What's the Difference Between 'Whole Grain' and 'Refined Grain'?

whole grain vs. refined grain flour
The difference between whole and refined grains. Maximilian Stock Ltd./Getty Images

What does "whole grains" mean? What does "refined grains" mean? And what's the difference between the two?

As you might suspect, "whole" grains contain the original grain parts, as grown by the grain plant. "Refined" grains, meanwhile, are processed — refined — to remove some of those parts.

Those original grain parts contain fiber plus other nutrients, and they're good for you, which is why health experts urge people to include whole grains in their diets.

But whole grains and the flour produced from them don't make light, fluffy baked goods, so you can see why food product manufacturers might tend to avoid them, at least in some cases.

Parts of Grain Kernels

First, some background on grains, which include wheat, corn, rice, sorghum, barley, millet, rye and oats. What we think of as "grain" is actually the seed of the grain plant. When these seeds, or kernels, are harvested, they contain three parts:

  • the bran, which is the fibrous shell covering the entire kernel
  • the endosperm, the starchy part of the grain directly below the bran, and
  • the germ, or the part of the seed that can grow into another grain plant

The endosperm is the largest part of the kernel, and the germ is the smallest. All parts of the kernel contain nutrients, but the germ is the only part that contains healthy fats, and the bran contains the bulk of the kernel's fiber.

If you have celiac disease or non-celiac gluten sensitivity, you need to avoid the three gluten grains — wheat, barley and rye, and possibly oats.

The other grains are fine for you, as long as they haven't been cross-contaminated with gluten grains.

Whole Grain vs. Refined Grain

Whole grain flour — from any type of grain, gluten-free or not — contains all three parts of the grain kernel, ground together. Refined grain flour contains only the endosperm — the process of refining flour removes the germ and the bran.

 Refining grain flour provides for a longer shelf life and a finer texture.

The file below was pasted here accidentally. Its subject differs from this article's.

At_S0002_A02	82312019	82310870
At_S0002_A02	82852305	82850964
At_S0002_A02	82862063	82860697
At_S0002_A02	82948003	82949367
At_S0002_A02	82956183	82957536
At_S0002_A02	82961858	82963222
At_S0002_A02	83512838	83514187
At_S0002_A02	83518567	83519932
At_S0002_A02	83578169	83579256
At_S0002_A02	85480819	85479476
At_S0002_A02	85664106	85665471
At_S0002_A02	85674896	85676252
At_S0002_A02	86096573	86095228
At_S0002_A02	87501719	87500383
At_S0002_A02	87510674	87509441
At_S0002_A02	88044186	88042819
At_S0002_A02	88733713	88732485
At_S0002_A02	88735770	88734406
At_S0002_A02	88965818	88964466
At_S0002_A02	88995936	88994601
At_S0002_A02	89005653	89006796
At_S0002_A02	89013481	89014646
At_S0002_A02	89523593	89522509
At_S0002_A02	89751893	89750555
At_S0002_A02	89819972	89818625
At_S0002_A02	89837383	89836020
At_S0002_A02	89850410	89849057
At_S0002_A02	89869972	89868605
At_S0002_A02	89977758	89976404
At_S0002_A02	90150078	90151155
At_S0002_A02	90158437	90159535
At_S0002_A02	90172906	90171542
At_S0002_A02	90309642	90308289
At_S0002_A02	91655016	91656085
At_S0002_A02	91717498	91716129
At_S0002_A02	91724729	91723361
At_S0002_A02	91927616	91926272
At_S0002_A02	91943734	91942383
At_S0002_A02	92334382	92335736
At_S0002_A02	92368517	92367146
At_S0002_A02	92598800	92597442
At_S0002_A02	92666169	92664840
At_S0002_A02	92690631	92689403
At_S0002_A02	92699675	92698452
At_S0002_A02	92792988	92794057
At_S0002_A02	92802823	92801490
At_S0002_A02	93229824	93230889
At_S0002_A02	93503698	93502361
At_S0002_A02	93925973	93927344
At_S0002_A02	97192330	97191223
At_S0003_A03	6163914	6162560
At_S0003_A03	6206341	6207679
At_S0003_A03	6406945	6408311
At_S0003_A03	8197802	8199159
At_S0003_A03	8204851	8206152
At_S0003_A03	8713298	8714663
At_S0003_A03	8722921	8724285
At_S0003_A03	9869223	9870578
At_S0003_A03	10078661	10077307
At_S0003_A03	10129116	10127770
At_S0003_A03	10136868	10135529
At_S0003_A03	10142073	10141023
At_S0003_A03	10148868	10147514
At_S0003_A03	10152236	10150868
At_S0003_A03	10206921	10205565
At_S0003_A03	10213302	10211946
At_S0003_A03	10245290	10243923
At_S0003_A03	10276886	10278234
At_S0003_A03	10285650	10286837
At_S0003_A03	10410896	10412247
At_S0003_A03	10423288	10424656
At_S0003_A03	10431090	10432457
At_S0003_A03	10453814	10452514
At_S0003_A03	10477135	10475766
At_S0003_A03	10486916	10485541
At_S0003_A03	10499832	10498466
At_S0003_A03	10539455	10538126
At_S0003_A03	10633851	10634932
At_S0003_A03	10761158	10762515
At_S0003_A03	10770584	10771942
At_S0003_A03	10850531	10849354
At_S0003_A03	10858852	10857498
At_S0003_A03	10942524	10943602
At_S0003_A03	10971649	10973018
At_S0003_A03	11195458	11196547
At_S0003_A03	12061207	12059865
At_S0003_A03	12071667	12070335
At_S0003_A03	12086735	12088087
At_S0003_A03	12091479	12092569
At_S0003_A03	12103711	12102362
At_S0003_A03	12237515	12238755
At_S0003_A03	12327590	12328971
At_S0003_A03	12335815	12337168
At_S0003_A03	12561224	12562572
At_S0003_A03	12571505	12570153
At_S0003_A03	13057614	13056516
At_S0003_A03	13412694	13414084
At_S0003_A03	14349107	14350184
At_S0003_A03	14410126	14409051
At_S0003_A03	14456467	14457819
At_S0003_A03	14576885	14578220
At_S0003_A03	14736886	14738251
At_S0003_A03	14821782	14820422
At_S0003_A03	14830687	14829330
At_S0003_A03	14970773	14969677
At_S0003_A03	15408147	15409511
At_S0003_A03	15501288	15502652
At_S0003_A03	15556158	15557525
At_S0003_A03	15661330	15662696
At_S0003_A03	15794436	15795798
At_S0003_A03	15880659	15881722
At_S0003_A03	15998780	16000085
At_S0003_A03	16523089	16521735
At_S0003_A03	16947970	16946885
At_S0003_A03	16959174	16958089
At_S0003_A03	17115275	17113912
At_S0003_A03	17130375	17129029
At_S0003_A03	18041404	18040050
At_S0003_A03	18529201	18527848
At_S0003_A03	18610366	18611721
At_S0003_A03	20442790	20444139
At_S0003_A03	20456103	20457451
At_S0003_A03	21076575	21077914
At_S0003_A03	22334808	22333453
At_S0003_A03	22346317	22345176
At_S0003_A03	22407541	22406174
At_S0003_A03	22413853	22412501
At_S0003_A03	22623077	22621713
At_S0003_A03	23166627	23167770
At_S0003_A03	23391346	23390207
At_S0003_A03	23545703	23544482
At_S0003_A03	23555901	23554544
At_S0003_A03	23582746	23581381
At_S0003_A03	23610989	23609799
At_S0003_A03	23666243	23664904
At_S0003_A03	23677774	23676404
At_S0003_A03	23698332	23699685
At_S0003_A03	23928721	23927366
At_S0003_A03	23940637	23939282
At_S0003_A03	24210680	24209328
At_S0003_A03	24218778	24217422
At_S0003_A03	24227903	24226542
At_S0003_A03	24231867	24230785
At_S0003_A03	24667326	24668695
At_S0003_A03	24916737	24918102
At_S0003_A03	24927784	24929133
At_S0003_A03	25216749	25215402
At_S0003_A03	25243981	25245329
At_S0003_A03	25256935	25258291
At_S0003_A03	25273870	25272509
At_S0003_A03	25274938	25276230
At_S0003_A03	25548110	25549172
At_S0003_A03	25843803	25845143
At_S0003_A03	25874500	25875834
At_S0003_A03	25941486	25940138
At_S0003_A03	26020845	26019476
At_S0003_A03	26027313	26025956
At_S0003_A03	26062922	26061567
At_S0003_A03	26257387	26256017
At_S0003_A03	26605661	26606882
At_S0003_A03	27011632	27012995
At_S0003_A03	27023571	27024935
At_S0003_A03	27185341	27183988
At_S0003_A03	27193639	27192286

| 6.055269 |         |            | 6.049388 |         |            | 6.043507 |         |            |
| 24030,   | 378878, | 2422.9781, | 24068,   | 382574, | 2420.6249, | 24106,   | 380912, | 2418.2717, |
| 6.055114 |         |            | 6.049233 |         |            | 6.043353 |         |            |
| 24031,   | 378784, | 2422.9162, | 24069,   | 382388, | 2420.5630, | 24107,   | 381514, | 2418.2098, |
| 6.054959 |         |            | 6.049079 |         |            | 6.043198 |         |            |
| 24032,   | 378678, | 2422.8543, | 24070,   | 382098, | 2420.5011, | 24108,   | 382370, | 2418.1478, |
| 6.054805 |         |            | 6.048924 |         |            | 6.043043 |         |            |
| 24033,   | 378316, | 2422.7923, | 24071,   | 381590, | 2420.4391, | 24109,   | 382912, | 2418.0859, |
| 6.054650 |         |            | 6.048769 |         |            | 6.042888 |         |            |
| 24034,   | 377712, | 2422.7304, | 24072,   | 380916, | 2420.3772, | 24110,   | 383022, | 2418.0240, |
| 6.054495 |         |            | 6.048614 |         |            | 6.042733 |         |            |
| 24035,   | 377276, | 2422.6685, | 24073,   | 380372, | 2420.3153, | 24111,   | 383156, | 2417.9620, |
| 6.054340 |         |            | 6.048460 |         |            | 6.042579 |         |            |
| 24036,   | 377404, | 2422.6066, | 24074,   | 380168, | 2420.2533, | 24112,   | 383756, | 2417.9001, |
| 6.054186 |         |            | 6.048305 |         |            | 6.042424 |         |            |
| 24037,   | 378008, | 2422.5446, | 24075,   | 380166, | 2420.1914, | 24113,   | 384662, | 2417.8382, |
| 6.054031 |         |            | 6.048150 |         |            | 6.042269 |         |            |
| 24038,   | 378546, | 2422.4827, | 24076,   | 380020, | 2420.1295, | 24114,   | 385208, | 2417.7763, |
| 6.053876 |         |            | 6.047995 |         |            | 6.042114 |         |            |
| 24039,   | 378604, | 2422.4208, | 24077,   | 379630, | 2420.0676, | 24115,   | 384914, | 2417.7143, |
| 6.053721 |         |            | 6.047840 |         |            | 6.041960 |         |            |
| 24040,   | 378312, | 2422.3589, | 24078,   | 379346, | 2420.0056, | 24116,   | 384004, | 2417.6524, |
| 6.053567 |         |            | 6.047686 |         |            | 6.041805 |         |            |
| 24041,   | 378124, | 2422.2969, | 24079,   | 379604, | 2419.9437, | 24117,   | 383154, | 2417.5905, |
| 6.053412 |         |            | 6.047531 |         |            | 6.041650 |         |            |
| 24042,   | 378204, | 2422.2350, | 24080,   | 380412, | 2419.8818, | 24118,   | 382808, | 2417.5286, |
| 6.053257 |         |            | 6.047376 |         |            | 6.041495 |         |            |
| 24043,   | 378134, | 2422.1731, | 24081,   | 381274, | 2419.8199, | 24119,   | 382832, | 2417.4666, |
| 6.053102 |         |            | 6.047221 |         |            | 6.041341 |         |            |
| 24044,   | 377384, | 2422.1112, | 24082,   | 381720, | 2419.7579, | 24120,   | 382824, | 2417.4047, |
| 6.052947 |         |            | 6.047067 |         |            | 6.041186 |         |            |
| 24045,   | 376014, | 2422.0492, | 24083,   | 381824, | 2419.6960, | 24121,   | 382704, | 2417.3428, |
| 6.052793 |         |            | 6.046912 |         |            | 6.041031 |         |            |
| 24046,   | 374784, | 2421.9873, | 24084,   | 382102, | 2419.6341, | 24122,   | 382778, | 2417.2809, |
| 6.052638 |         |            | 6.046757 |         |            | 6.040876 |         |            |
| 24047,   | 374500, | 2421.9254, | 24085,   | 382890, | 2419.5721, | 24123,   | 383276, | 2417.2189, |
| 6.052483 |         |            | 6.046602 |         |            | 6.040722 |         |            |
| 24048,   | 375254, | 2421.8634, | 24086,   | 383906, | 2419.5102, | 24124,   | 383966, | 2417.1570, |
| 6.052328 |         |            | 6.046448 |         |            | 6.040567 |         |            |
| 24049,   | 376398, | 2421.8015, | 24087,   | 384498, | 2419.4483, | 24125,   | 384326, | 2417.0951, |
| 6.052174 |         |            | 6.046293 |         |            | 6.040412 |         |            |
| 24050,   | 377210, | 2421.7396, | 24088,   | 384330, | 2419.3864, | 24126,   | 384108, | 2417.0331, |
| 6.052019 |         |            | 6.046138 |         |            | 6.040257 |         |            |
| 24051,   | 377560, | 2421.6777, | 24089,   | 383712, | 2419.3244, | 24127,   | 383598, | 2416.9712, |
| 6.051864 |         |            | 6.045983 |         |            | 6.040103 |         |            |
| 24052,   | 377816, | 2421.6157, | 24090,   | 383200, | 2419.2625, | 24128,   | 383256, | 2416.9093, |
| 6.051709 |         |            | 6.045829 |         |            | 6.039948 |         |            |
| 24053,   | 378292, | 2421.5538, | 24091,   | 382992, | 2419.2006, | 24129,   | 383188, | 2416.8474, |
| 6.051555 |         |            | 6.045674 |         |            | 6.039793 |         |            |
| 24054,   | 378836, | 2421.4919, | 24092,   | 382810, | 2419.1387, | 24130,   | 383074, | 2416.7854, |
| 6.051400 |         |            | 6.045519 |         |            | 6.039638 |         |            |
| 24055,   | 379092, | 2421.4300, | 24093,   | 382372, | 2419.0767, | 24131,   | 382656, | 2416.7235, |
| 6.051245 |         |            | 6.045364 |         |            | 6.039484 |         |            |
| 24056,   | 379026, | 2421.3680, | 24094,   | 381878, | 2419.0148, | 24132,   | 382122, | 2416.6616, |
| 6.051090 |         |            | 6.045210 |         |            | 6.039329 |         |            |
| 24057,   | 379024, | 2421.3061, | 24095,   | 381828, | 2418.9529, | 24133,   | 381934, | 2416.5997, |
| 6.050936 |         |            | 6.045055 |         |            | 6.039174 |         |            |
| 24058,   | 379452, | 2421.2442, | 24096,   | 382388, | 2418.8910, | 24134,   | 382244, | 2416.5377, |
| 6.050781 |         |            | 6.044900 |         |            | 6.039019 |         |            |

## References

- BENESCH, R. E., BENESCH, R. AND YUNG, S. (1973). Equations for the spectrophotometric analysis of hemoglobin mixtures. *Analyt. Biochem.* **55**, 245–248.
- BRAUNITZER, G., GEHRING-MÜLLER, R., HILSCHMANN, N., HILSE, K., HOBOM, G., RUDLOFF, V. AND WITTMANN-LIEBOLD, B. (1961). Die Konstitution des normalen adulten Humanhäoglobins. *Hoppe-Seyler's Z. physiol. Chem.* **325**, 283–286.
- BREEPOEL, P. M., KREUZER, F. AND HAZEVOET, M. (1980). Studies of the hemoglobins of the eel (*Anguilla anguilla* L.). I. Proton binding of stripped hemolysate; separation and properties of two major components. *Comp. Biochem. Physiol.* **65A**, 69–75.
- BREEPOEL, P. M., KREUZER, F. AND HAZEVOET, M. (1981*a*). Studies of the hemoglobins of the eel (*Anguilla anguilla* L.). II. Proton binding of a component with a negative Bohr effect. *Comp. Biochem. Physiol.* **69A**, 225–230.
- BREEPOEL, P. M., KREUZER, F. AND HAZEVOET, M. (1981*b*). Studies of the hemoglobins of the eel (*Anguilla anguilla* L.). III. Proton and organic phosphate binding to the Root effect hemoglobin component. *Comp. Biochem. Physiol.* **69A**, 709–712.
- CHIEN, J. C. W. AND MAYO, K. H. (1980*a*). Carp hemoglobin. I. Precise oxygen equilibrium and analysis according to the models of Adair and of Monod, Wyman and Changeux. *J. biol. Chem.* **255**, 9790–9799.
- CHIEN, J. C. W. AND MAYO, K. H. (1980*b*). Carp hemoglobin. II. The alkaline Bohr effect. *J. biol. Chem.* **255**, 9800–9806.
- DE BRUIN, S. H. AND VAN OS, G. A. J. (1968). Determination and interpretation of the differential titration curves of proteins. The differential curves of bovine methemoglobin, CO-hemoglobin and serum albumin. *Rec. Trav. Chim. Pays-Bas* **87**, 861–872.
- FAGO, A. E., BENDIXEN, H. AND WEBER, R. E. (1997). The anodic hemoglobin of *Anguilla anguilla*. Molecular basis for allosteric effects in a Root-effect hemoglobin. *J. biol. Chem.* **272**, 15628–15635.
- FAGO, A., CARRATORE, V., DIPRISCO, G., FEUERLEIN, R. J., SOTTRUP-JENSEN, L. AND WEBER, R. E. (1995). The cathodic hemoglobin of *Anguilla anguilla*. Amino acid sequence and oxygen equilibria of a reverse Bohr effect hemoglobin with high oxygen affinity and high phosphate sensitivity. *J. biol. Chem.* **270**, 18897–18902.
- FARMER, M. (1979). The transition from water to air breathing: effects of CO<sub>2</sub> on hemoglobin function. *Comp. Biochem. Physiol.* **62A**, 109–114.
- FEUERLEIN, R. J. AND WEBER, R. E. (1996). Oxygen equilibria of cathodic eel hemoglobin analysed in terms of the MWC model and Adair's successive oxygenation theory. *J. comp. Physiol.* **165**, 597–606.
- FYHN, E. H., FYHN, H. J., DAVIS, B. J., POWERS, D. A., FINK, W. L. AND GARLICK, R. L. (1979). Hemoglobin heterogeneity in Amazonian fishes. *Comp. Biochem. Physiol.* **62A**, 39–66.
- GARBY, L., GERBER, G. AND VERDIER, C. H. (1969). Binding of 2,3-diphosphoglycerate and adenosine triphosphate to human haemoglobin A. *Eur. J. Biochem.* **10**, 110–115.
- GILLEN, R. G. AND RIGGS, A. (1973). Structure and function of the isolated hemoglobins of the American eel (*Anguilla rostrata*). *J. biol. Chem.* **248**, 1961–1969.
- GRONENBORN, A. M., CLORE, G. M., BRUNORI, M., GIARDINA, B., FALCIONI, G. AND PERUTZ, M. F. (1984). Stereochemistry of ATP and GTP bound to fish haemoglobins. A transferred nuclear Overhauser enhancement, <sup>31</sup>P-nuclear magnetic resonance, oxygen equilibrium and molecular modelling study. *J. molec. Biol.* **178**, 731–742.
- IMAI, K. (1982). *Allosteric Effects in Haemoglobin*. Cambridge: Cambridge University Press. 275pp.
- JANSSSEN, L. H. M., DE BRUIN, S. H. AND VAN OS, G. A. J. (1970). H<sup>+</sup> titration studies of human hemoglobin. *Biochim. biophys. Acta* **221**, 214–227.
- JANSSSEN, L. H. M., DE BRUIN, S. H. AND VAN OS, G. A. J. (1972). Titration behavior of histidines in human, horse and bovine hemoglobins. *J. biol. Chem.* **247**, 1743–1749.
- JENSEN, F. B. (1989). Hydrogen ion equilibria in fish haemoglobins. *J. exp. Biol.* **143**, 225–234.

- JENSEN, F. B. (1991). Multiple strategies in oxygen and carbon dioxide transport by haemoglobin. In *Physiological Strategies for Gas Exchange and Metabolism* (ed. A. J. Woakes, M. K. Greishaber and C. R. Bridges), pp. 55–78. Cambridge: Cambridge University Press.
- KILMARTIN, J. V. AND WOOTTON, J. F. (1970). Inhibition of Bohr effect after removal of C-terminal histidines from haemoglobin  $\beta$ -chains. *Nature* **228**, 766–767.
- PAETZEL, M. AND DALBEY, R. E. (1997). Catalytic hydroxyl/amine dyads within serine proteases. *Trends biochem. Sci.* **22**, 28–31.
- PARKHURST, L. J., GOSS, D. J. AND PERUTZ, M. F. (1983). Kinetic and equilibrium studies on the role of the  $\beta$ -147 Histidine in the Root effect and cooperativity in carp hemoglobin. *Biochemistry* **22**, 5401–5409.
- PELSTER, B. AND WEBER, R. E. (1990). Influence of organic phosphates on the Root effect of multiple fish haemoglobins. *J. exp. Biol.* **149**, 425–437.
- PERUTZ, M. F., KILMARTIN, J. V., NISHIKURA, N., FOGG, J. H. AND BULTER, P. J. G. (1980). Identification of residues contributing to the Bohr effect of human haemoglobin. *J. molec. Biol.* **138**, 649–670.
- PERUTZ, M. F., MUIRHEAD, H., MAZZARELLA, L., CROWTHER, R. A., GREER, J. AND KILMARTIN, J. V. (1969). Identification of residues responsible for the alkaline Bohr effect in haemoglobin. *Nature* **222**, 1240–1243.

Whole grain flour has some real health advantages: it includes the fibrous bran and the nutrient-filled germ of the kernel, it also includes significantly more B vitamins, minerals and fiber than does refined flour.

In fact, manufacturers add vitamins and minerals (specifically, folic acid and iron) back into refined wheat flour to make it a healthier food. However, there's no way to add fiber to refined flour without destroying its fine texture (and potentially reducing its shelf life).

Gluten-Free Grain Flour: Mostly Refined

Although some gluten-free product manufacturers are using whole gluten-free grains to make healthier breads, the vast majority of gluten-free products on the market are made with refined gluten-free flour. For this reason, many people who follow the gluten-free diet don't get enough fiber, and some don't get enough B vitamins, either.

    It's possible to find whole grain gluten-free flour (King Arthur Flour makes a certified gluten-free flour blend, for example), but most cup-for-cup gluten-free flours you'll see include refined grains (white rice is the most common ingredient).

    Also, when you're talking about gluten-free whole grains, you should know that some of what we think of as "grains" are really different types of plants entirely. Quinoa and buckwheat fall into this category, and both can make healthy whole grain substitutes.

    (Edited by Jane Anderson)

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